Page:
Seven Balancing Acts of Professional Behavior in the United States
A Cultural Values Perspective
Cornelius Grove & Willa Hallowell
The following article appeared
in the 3rd Quarter 2002 issue of Focus Europe, a supplement to Velocity,
the magazine of the Strategic Account Management Association (SAMA).
Following is the original, unedited typescript of that article.
When a professional derails in a business setting in the United States, it's sometimes due to a lack of technical expertise or clumsiness in execution. But just as often, the reason for the derailment is an inability or unwillingness to act in a way regarded as "professional" by one's colleagues and counterparts.
Another reason why behavior deemed unacceptable occurs is because people who were not raised and socialized in the U.S. are increasingly present in American offices and plants. Immigrants, expatriates, and employees from abroad on developmental assignments all usually act in the best way they know how, yet their culturally conditioned behavior may not be regarded as fully professional by American businesspeople. The differences between American notions of good business behavior on the one hand, and European, Latin, or Asian notions of good business behavior on the other hand, are often nuanced and subtle.
Our responsibilities require the two of us to be conscious in a general way of appropriate business behavior in various cultures. Recently, we were presented with a focused opportunity to address the issue of professional behavior in the United States. A client had a newly hired employee born and raised in another country, and now in the U.S.A., who was perceived to be representing the firm in a way that did not do it credit. Those who witnessed her behavior described it as "not professional." What could we do to help?
It soon became apparent to
us that very little precision and clarity exists about the meaning of professional
behavior in the U.S. Before we could assist the new employee (who,
fortunately, proved eager to learn), we needed to be clear in our own minds
what professional means in the context of U.S. business. One of us
is an interculturalist, the other is an anthropologist, so we are accustomed
to bringing the perspective of cultural values to bear on the understanding
of behavior patterns. In the following pages, we share with you what
our "cultural values perspective" reveals about the meaning of professional.
One of Two Meanings
The word "professional" as used among U.S. businesspeople has two meanings:
That definition is very basic. Acting professionally is quite complex. We believe that acting professionally in the United States requires a balancing act between contrasting sets of American cultural values, both of which are respected by Americans but each of which tends to lead down a different behavioral path.
In this discussion we specify
seven contrasting sets of cultural values that define what businesspeople
in the U.S. mean when they speak of someone's acting (or failing to act)
professionally. Each contrasting set is expressed in the form of
"A yet B." By this we suggest that admirably professional behavior
occurs when someone's behavior balances in just the right way between contrasting
U.S. cultural values "A" and "B."
In work-related situations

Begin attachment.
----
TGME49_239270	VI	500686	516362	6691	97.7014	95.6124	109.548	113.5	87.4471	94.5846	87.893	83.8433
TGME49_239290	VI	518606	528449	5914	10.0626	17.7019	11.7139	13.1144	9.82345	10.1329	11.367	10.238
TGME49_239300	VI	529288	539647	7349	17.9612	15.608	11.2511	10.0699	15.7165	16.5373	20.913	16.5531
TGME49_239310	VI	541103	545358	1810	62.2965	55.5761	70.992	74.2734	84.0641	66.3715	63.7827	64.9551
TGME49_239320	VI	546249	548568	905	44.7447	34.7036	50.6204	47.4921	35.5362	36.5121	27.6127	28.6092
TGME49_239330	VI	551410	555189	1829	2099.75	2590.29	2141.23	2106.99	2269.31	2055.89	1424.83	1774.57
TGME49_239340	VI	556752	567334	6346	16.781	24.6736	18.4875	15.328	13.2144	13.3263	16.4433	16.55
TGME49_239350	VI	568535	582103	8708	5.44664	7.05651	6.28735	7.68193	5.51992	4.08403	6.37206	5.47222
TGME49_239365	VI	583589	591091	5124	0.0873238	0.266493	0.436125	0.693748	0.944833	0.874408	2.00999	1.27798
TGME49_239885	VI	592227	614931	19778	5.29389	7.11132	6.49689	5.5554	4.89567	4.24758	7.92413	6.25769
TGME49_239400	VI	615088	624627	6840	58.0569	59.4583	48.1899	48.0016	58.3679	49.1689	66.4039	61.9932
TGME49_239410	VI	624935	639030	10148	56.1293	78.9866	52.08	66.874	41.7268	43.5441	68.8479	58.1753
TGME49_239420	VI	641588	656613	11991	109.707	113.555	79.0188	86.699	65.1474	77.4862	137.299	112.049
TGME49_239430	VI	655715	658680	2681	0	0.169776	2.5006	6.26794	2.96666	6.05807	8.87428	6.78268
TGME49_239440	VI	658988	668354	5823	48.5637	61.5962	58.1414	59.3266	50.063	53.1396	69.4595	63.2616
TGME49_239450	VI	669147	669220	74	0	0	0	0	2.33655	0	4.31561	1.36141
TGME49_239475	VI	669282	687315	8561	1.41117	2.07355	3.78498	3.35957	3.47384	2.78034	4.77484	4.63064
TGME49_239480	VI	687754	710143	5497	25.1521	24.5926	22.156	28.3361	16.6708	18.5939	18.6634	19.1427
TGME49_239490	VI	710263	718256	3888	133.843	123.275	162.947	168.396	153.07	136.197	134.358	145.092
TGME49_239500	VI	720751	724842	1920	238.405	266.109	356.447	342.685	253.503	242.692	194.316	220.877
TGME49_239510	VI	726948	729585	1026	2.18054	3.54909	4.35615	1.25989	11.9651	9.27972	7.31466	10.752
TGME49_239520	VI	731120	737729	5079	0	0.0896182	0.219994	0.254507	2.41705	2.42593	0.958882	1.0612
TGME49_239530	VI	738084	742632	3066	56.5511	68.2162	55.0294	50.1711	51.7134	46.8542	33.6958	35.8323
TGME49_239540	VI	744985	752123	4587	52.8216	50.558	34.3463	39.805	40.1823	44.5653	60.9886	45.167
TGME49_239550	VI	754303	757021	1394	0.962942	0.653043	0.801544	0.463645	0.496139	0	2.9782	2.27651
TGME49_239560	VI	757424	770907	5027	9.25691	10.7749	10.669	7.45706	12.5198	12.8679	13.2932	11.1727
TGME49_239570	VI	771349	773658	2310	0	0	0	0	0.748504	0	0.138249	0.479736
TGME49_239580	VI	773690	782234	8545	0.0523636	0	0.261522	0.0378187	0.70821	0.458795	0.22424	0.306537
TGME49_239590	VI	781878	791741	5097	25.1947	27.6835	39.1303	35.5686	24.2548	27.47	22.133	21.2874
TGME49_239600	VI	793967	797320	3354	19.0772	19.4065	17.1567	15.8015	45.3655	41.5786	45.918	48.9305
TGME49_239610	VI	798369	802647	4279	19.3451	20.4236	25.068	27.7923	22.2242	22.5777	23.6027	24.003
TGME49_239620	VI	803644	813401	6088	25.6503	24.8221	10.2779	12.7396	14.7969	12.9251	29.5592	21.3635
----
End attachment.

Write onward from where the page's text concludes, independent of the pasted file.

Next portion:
in the United States, professional behavior is. . .
1. Individualistic yet restrained.
For example, managers in the U.S. have an expectation that their direct reports will get things done more or less independently, that is, without constant direction from above. Employees who are "initiative-takers" and "self-starters" are valued. . .up to a point. The balancing act for employees is to take initiative that is bounded and guided by the strategies of their supervisors and the overall mission of their firm.
Acting professionally in the U.S. means two things with respect to this first balancing act. First, it means demonstrating individualism in ways that are subtle, that observe locally prevailing norms of behavior, and that do not annoy or unduly distract the others with whom one is interacting. It means not demonstrating one's individualism in ways that strongly call attention to oneself. Second, acting professionally means taking initiative on behalf of the firm in ways that support the strategies of one's superiors. Initiative is properly directed in support of the boss's objectives, not one's own unique ideas.
Undesirable: An individual is an avid fan of a certain baseball team. In work-related settings, he proclaims loudly the superiority of this team and often discusses details of the team's games, players, and operations. His behavior is unprofessional. This is because his topic is not business-related, and even more so because he is monopolizing office conversations in order to endlessly draw attention to his personal interest.
Desirable: An individual
is charged with helping her firm expand operations in a particular line
of business. While contacting others during her exploration of opportunities,
she realizes that there may be an expansion opportunity in a related line
of business. She writes a report introducing this possible opportunity
and suggesting next steps. Managers will admire her for both taking
initiative and remaining subject to direction.
2. Egalitarian yet respectful.
Here's the key: American businesspeople respect and defer to roles and responsibilities at different levels. The people who fulfill those roles and responsibilities are nevertheless "just people like you and me." Americans demonstrate their common humanity with others by being overtly friendly and informal with all others. At the same time, they are alert and ready to comply when someone with power acts "in role."
Acting professionally in the U.S. means being respectful of power -- roles and responsibilities at different hierarchical levels -- and of the rights and privileges that belong to those levels. But powerful people are human beings, no more and no less, and one therefore is expected to be more or less informal with them.